Overtoun Bridge is a beautiful stone bridge near the village of Milton in West Dunbartonshire, Scotland. Peaceful and covered in ivy, the bridge looks like something off a postcard or tourist brochure:
But the bridge holds a dark secret. For you see, since the late 1950s or early 1960s, at least 600 have committed suicide by throwing themselves off the bridge. And although the fall kills most, many of those who survive the fall climb back up the bridge and jump again, sometimes immediately, other times several days later. It happens so often that the locals even have a nickname for them: “second timers”. On average, around one dies every month from jumping off the bridge. And while this would certainly be tragic if I were talking about humans, it’s also downright bizarre because I’m talking about dogs.
Yes, over 600 dogs have killed themselves by jumping off the Overtoun Bridge. And the obvious mystery is… why? All of the suicides seem to happen at the same spot, between the final two parapets on the same side of the bridge. Almost all the suicides happen on bright, sunny days. Further clouding the mystery is that, as far as anyone can tell, only long-nosed breeds like labradors, collies and retrievers have jumped; beagles and chihuahuas seem immune to the bridge’s siren song.
One theory dates back to ancient times, when Overtoun was known as “the thin place” in Celtic mythology, a place where heaven and earth where very close together. It’s long thought that dogs could be sensitive to ghosts (or electromagnetic energy, or whatever you consider “ghosts” to be). Certainly many ghost stories – whether wholly fictional or reported as real – involve dogs sensing things that humans cannot. And, in 1994, a local maniac named Kevin Moy threw his baby off the bridge, thinking he was the Antichrist; he later attempted to kill himself by the same means.
Of course, the “ghost” theory isn’t very scientific. Slightly more plausible is the theory that dogs somehow sense the feelings of their owners. Several studies have shown a sort of “psychic link” between dogs and their owners, and most of us have known someone who had a dog who would go to the front door a few minutes before the owner arrived home, even at non-routine hours. Is it possible that dogs can become “depressed” as a result of their owners being depressed? The short answer is: who knows? The methodology of many of the “psychic dog” studies have been called into question, and in the case of Overtoun, most owners have not been found to be clinically depressed… even though the village frequently ranks at or near the top of “worst places to live in Britain” surveys.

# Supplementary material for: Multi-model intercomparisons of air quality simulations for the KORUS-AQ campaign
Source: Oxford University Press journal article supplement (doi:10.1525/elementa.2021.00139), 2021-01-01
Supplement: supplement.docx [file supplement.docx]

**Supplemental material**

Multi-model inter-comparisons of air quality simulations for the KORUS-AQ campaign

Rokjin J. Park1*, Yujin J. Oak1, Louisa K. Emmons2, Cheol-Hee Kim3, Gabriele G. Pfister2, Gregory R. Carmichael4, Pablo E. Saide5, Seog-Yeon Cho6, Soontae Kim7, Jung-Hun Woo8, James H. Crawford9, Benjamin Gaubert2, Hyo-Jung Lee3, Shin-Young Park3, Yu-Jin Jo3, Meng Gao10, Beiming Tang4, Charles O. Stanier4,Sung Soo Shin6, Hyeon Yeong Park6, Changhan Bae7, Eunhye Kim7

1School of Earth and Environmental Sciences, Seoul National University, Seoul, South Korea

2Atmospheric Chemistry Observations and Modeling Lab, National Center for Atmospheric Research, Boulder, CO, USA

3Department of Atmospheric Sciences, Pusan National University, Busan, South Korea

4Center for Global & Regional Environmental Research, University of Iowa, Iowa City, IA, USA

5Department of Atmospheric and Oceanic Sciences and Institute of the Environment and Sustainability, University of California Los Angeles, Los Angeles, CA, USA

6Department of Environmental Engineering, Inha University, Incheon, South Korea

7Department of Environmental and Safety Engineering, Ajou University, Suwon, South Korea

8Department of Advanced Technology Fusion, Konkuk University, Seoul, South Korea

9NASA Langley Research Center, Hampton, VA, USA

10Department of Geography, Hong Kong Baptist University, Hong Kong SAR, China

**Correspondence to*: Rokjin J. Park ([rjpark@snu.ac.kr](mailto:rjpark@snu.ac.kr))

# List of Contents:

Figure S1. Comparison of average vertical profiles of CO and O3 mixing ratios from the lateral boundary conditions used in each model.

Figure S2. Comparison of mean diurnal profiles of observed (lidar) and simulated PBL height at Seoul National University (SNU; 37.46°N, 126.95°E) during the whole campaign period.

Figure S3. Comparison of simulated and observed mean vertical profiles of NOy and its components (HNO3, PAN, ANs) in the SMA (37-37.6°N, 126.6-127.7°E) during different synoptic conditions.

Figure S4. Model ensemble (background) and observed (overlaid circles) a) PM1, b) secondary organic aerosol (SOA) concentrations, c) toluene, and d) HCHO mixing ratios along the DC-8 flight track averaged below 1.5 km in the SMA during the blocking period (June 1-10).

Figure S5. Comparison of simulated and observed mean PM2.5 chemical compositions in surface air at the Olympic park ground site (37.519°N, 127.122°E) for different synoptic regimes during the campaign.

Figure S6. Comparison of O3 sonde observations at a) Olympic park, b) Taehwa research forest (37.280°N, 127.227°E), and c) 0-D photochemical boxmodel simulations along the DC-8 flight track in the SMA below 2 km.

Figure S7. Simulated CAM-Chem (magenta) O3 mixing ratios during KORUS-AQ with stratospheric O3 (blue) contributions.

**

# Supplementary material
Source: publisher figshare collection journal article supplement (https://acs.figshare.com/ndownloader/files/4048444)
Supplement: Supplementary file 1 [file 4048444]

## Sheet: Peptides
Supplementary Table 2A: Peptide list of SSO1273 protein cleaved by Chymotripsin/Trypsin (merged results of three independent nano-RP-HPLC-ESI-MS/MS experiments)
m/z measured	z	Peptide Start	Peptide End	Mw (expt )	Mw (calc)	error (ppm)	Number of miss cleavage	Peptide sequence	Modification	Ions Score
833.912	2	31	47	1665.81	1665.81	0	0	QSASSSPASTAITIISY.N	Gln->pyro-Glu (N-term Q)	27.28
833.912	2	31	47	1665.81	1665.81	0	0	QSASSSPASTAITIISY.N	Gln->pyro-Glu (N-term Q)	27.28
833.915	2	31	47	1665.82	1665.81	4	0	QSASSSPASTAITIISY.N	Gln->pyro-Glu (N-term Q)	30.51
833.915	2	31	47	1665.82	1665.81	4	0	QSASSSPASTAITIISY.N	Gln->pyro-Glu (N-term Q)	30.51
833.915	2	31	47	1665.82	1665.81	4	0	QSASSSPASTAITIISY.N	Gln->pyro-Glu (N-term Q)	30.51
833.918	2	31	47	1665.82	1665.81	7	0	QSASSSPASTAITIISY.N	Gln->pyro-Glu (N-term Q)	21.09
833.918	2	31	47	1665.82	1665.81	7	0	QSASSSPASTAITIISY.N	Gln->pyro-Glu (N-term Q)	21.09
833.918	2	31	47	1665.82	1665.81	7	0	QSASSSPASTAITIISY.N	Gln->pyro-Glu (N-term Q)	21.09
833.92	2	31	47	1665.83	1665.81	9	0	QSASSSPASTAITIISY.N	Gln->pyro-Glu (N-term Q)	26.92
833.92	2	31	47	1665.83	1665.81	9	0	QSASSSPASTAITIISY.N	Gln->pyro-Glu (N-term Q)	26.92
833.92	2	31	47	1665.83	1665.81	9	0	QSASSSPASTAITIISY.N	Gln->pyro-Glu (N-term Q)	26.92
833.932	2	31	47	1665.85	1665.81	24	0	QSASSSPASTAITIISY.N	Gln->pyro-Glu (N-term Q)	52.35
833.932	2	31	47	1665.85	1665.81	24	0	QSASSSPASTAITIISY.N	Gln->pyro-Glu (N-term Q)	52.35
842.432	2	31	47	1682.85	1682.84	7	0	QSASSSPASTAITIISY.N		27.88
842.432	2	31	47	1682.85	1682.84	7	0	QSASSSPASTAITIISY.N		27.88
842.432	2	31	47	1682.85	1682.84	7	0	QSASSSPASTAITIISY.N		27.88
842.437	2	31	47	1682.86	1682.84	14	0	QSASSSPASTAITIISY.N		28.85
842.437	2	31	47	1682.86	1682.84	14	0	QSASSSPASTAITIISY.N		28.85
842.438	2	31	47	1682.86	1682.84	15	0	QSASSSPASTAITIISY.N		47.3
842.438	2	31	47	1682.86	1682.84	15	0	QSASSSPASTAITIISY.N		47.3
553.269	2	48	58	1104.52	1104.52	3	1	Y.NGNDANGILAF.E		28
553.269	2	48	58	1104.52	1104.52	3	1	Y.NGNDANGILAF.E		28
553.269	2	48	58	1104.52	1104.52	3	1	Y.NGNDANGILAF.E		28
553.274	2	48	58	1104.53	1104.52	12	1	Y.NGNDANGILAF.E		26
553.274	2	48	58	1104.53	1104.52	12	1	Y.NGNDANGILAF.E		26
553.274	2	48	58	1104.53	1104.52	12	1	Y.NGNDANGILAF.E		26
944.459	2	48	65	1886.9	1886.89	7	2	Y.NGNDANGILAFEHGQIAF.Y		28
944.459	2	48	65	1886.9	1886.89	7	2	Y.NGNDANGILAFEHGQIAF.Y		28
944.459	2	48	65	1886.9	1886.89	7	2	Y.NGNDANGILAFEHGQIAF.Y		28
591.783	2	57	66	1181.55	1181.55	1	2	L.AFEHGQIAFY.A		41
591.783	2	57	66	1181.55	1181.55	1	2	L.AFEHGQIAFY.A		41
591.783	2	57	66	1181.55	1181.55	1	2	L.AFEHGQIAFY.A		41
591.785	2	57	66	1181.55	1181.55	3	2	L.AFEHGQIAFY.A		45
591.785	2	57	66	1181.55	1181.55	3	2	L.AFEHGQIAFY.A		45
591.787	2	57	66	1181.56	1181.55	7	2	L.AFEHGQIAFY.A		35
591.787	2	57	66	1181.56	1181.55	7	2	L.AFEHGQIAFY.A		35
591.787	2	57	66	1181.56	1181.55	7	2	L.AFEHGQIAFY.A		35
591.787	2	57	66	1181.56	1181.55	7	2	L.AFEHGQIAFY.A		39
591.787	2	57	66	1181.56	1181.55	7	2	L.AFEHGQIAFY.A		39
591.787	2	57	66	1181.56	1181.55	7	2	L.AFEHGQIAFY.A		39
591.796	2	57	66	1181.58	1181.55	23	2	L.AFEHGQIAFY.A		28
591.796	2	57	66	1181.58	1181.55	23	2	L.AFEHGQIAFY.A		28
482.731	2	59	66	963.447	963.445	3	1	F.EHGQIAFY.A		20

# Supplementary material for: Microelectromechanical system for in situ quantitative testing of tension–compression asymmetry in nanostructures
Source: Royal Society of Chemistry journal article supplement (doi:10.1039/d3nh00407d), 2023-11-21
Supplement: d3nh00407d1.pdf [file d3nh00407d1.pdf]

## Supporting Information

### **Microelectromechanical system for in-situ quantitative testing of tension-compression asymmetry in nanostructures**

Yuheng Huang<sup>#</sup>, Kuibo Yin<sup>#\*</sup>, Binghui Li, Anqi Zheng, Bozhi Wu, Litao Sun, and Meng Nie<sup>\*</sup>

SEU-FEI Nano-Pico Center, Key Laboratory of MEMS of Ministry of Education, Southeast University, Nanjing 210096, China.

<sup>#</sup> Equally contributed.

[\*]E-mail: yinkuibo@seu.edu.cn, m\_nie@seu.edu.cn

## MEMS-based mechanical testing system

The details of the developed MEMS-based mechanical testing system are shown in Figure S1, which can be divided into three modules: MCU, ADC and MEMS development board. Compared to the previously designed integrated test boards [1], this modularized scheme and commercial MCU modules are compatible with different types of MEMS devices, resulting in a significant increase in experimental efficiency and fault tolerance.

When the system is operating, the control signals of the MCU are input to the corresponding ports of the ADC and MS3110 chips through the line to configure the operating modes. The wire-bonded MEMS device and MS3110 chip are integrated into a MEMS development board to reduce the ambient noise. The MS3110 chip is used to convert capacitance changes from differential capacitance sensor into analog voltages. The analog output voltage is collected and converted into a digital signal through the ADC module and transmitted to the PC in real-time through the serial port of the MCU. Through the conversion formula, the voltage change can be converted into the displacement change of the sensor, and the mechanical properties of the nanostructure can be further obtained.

The most logical theory would seem to indicate something with either sight, sound or scent at the bridge. Well, not so much for the first two: No one can seem to find anything visually out of the ordinary on the bridge, especially at “dog height”. And although many wondered if a nearby military base was emitting some strange sound that only dogs could hear, an exhaustive study by an acoustics company from Glasgow and the Royal Society for the Protection of Birds (RSPB) found nothing acoustically out of the ordinary.
So that leaves scent, and here we might be on to something. RSPB researcher David Sexton planted several traps under the bridge and found mice and mink living there, and many squirrel nests nearby. He isolated the three animals’ scents and placed samples of each in a large field. He then unleashed ten dogs of the same breeds that routinely jump from the bridge. Only two dogs showed no interest in any of the scents… while seven of the dogs immediately went for the scent of the mink. In fact, it seemed that they were driven crazy by it.
So it may be that the smell of mink is irresistible to dogs, and the dogs – not knowing about the 50 foot drop from the bridge – simply go wild and jump when they get a sniff of the scent. This would also explain why the “suicides” only seem to happen to clear days, when the mink scent is undiluted by rain. It also lines up nicely with the timeline for mink populations in Scotland. The animals were only released into the wild in Scotland in the 1920s, and only began breeding in large numbers in the 1950s.
But there’s still the matter of why some dogs, once they’re on the ground after their jump, often go back up the bridge and jump again instead of chasing the mink. Or why the dogs only seem to jump from one specific point of the bridge and not others. Or why dogs go crazy for mink only here, when there are an estimated 26,000 mink all over Scotland?
We just don’t know, and that’s why, despite having a really good guess as to what’s going on, Overtoun Bridge is still a mystery.